Short Attention Span Media: Drumheller, Naji Sabri and WMDs Posted by: Jon Henke
on Wednesday, April 26, 2006
Media Matters is critical of the media for "almost entirely ignor[ing]" the Tyler Drumheller claim that the "Bush administration dismissed clear-cut evidence undermining President Bush's central case for war — that Saddam Hussein possessed weapons of mass destruction"...
Drumheller disclosed that, more than six months before the Iraq invasion, Naji Sabri Ahmad Al-Hadithi, Saddam's foreign affairs minister, agreed to provide the CIA with Iraqi military secrets. [...] Sabri subsequently informed intelligence officials that Saddam "had no active weapons of mass destruction program." But when the White House learned of Sabri's disclosure in September 2002, "[t]hey stopped being interested in the intelligence."
I've got a couple more details being ignored by the media — and by Media Matters.
Among others, 60 Minutes, the New York Times and CNN have reported Drumheller's claim that the administration learned from Iraq's Foreign Minister Naji Sabri that "Iraq had no active programs for weapons of mass destruction". Yet, just one month ago, MSNBC reported that same story, except they had Sabri claiming "Iraq had stockpiled weapons and had "poison gas" left over from the first Gulf War" and that, while Saddam did not have a "significant, active biological weapons program", he still "desperately wanted a [nuclear] bomb", though he would need more than the "several months" the CIA had predicted if Iraq obtained enriched uranium. Sabri also claimed Iraq had "'renewed' production of deadly agents". (via Hawkins)
Why didn't 60 Minutes, the New York Times or CNN report these statements?
Why does Media Matters claim that Drumheller "proved" that the administration dismissed evidence undercutting the claim that Iraq had WMDS....without disclosing the fact that Sabri also indicated that Iraq "had stockpiled as much as "500 metric tons of chemical warfare agents" and had "renewed" production of deadly agents"?
I can understand why a partisan advocacy organization like Media Matters would spread disinformation and misleading spin. But why, after initially reporting the full story, does the media now only report the part of the story that fits the current narrative zeitgeist? (that's a rhetorical question)
Sabri also indicated that Iraq "had stockpiled as much as "500 metric tons of chemical warfare agents
Because it’s not REAL WMD unless they find a nuke with the words "death to America" written on it, and signed by Saddam.
Yet, just one month ago, MSNBC reported that same story, except they had Sabri claiming "Iraq had stockpiled weapons and had "poison gas" left over from the first Gulf War" and that, while Saddam did not have a "significant, active biological weapons program", he still "desperately wanted a [nuclear] bomb
OOOOPS, kind of vindicates Bush in that case, doesn’t it?
Retired General- Lieutenant Thomsa Mclnerney Attended the International Summit and he said that Saddam had WMDS just before the war and that these WMDS were moved to Syria and Lebanon with the help of Russian special forces ,he has not been worried about giving his opinion and he cities the Iran as one of for thr current policies of Bush’s administrationthe main reasons. I hope the whole stroy will be soon released by the media and the world will know the whole truth about Saddam’s WMDS and the real cause of this Iraq war.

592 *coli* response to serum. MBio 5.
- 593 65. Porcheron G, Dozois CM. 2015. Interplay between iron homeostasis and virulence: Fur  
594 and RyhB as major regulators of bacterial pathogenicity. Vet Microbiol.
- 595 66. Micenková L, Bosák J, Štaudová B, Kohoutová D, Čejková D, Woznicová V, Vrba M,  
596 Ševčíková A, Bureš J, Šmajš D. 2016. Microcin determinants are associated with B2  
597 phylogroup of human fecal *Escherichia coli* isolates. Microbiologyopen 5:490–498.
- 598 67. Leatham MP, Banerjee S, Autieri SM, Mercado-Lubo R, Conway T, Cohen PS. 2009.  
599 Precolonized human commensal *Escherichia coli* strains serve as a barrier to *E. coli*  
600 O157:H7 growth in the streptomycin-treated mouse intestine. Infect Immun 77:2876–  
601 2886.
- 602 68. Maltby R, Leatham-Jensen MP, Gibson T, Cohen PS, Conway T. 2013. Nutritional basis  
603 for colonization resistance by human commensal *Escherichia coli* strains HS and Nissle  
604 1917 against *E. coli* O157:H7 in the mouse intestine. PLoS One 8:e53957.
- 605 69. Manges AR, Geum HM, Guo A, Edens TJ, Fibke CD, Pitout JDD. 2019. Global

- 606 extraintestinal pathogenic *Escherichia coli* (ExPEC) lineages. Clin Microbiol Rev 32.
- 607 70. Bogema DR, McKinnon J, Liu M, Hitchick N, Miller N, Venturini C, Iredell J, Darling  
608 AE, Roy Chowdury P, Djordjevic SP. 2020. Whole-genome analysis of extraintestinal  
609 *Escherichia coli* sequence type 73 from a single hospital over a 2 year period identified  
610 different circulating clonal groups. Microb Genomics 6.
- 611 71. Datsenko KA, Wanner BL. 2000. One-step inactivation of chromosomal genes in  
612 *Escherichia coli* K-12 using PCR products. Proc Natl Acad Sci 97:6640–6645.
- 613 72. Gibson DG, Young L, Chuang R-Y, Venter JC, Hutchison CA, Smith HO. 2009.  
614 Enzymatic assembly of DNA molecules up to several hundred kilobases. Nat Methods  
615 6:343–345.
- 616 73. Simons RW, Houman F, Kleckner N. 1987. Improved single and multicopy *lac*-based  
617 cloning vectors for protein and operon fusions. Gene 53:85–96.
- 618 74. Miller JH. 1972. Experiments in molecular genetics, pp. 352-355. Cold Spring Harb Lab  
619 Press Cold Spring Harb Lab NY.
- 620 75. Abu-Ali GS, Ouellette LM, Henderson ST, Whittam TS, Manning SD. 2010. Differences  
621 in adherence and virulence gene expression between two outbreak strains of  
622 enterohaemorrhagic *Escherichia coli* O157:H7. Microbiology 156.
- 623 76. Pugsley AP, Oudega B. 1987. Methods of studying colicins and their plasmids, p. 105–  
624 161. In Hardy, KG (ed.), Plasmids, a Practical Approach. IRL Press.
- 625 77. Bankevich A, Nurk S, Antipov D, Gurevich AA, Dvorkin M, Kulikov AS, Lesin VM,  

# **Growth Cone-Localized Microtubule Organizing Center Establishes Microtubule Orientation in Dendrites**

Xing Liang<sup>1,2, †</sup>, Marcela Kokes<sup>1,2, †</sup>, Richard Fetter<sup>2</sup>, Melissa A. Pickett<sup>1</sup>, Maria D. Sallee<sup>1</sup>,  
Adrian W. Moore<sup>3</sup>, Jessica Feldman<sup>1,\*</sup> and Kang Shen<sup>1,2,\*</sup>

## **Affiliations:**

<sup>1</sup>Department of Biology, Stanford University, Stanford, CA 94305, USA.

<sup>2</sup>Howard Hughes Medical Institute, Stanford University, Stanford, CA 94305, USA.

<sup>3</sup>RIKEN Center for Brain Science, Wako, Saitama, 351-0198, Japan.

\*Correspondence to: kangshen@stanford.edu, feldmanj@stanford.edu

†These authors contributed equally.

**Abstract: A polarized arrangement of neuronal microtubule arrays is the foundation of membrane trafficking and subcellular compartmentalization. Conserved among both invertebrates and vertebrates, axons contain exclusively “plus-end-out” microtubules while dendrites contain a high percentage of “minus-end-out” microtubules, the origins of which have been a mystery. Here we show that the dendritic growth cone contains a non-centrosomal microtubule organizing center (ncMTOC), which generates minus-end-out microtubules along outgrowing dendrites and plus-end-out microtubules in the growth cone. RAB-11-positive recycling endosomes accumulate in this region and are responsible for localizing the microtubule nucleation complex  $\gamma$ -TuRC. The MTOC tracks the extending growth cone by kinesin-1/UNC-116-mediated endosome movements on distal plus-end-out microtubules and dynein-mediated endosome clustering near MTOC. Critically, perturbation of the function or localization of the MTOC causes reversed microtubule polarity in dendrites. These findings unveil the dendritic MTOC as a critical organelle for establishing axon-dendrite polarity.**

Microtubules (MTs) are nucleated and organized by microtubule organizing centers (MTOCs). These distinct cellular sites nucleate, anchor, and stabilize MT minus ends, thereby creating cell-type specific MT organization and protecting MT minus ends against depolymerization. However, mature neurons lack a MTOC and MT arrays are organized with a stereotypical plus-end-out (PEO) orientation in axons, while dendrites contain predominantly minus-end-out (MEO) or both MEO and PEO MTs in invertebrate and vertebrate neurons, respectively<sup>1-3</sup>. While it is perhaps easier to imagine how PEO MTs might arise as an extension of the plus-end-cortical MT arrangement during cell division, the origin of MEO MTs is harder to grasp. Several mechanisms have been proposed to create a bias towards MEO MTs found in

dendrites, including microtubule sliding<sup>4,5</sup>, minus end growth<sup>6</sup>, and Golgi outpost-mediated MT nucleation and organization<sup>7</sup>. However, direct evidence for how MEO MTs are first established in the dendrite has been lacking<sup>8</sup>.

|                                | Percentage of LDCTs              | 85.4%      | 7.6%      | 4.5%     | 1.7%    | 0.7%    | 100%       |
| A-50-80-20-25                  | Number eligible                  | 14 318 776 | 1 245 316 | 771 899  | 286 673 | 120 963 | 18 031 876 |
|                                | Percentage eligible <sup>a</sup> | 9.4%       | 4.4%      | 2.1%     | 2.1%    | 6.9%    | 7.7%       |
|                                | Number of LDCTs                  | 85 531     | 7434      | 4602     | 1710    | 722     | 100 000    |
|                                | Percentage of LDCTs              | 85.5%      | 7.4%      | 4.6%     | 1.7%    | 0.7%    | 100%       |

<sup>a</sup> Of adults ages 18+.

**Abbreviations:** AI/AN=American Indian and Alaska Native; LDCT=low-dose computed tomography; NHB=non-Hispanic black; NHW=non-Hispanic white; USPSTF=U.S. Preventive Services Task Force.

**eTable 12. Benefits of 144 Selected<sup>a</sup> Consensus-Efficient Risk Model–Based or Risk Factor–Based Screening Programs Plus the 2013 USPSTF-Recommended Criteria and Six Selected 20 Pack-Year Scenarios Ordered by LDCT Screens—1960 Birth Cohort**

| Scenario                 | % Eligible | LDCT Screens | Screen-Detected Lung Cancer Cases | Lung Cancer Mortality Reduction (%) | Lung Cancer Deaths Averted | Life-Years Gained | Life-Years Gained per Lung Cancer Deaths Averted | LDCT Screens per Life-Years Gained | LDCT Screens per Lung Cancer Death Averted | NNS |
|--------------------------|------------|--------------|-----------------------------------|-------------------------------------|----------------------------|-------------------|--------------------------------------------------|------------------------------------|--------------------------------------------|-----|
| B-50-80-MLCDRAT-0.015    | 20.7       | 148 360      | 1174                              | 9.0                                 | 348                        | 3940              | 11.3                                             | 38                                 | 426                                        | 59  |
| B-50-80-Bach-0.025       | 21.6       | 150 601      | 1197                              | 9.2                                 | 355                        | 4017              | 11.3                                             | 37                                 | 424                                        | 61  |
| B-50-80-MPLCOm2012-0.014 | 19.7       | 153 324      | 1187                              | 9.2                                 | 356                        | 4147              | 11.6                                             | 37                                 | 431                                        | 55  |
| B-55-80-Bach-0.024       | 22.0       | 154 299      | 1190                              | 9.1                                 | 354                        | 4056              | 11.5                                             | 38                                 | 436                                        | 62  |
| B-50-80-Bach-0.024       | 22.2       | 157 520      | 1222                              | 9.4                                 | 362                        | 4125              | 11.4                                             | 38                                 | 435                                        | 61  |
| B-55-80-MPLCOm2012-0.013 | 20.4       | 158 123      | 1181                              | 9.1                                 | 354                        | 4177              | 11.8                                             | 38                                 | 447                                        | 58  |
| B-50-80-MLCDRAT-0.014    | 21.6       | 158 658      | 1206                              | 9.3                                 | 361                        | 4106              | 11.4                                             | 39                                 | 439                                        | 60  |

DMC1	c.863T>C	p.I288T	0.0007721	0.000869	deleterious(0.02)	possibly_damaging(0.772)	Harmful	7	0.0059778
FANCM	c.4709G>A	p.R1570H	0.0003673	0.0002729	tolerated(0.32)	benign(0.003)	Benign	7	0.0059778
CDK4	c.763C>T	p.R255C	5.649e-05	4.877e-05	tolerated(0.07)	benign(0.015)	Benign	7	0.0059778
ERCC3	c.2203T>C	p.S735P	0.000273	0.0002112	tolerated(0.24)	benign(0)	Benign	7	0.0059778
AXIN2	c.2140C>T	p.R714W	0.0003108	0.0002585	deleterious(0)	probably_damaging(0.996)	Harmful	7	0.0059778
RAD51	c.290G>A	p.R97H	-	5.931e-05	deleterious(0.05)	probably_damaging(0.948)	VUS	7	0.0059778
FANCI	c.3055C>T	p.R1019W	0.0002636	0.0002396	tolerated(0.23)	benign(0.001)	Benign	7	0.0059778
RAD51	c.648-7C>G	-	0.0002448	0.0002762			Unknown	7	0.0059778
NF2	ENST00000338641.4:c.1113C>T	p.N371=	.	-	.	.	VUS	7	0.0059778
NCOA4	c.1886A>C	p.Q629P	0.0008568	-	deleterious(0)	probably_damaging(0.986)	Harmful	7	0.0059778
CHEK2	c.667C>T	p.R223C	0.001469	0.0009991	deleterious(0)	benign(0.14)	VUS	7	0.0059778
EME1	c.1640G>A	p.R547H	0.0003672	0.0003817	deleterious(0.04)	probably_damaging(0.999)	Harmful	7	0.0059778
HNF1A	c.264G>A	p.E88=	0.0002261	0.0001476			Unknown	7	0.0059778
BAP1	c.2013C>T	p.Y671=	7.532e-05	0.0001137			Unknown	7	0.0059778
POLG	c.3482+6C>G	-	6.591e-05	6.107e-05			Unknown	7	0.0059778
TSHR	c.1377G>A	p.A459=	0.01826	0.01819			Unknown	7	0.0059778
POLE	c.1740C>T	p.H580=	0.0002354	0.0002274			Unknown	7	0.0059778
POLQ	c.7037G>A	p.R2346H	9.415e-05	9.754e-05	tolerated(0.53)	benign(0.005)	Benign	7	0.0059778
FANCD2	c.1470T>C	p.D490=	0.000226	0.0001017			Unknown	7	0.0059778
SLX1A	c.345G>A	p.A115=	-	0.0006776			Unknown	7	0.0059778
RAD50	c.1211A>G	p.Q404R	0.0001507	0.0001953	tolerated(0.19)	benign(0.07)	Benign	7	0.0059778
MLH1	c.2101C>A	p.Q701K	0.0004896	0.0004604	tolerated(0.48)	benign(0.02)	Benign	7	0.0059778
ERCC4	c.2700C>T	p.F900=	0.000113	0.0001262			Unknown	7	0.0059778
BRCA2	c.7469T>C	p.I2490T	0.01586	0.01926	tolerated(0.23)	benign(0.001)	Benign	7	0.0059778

Amazingly, I found out that the WMDs that he was talking about were "nukes," as "chemical weapons are a red herring here. They don’t cause "mass destruction" and are nothing to worry about." I’m sure the Kurds think otherwise, as do the Japanese ala AUM Shinrikyo.
The posters finally digressed into whether the WaPo indicated that Iran or Iraq that sought uranium in Niger. Many of the facts of the "SOTU 16 words," Niger (and the Democratic Republic of Congo) are clearly spelled out in the Butler Report. Everyone interested in that aspect should please read this British report, especially pages 123 thru 125. It was obvious that most posters had not.
As for Naji Sabri, his information was filled with just as much noise as much of the other intelligence. None of the poison gas stockpiles indicated by Naji Sabri were found by the ISG. You might say he was in included in that "we were all wrong."
Why didn’t 60 Minutes, the New York Times or CNN report these statements?
A fair critcism. But for fun, I’m going to play the part of “anti” McQ. Let’s see… I believe it would go something like this, … ahem,
Yet, just one month ago, MSNBC reported that same story, except they had Sabri claiming "Iraq had stockpiled weapons and had "poison gas" left over from the first Gulf War"
What are you going on about, Jon? That’s not what the story was about,
Drumheller was the CIA’s top man in Europe, the head of covert operations there, until he retired a year ago. He says he saw firsthand how the White House promoted intelligence it liked and ignored intelligence it didn’t: